We pulled into the marina, lights reflecting of the masts and decks of boats. Some boats I immediately recognized and memories came flooding back. But I felt like an outsider, a visitor who has to work and is no longer a part of the cruiser clan. I didn't care, I had a mission and no time to hang with the yachties. Pulling up behind SJ, Babu's lights illuminated her. There was a deep ache in my gut, as if I was re-uniting with an old girlfriend. This was crazy - she's just a boat. But this boat had carried us through good times and bad times, 30 days at sea from Mexico to the Marquesas, 8000 meandering miles through the Pacific, storms and dilemmas. She had been our home for 5 years, and there was a part of our soul in that hull. Babu offloaded the bags and drove away, leaving the sound of crickets, frogs and the slight breeze slapping some halyards on aluminum masts.
I had planned this moment for weeks, knowing the yard was mosquito infested and it would be pitch black and there was no room inside Sojourner. I pulled out my head mounted light and dosed up with deet. I sat on the side of the deck for a moment, listening to the sound of the breeze, and insects. The stars were intense and I sat there looking for the southern cross. There it was in the South West, a fist above the horizon with Mimosa and Acrux aligned with the south. It felt great to be on Sojourner and I had to fight that lump in my throat. Pulling back the cockpit canvas I loved the familiar smell, the mixture of teak, mahogany and mildew. Sojourner never smelled bad, she always had a quality wood smell, and Jen kept her spotlessly clean. Peering inside all looked well, if not chaotic. The dinghy was stuffed inside, all cushions were uprooted and all cabinets open. Even the floorboards were uprooted. I do this for airflow, and it has the added advantage of making it appear to have already been looted, although we have never had a problem.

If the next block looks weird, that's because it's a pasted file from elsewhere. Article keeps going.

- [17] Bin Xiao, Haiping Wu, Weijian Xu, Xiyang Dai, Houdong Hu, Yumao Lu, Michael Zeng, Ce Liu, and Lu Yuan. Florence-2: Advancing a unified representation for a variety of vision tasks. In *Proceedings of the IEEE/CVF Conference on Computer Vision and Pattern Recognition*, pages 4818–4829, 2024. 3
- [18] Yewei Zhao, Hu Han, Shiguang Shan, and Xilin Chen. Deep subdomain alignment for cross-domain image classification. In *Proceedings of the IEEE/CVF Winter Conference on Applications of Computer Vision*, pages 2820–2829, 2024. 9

The bilge was dry, the battery monitor said +6 amps and 13.6 Volts. Perfect. Mo had done his job well, and other than much of the woodwork coated in mildew, SJ looked like she had resisted self-destruction pretty good. Nothing seemed to have changed; Fiji time had seemed to apply to Sojourner. I climbed back on deck and simply sat, not even noticing the mosquitoes. I looked out toward Musket Cove and remembered my rapid abandonment of SJ a year ago. The frantic rush to put her on land and start a new job in the US. It seemed to be years ago and I couldn't believe how much my life had changed.
But for now we were re-united, and for a month, at least, it will be like old times. Me relying on SJ to keep me alive and SJ needing me to keep her going. There was a lot of work to be done - a whole boat to be re-assembled and tested. Somehow the hard work was appealing, it was just me, Sojourner, the tropics and 1265 miles of open ocean to be crossed. Goose pimples covered my body and I sat there until 6:15am when an orange glow from the east silhouetted the masts circling the marina. Mynah birds, red-headed finches and flycatchers began their frantic cacophany for the new day. The tropics felt like home, but there was no time to relax, there is 2 months of work to be done and only 7 days available to do it.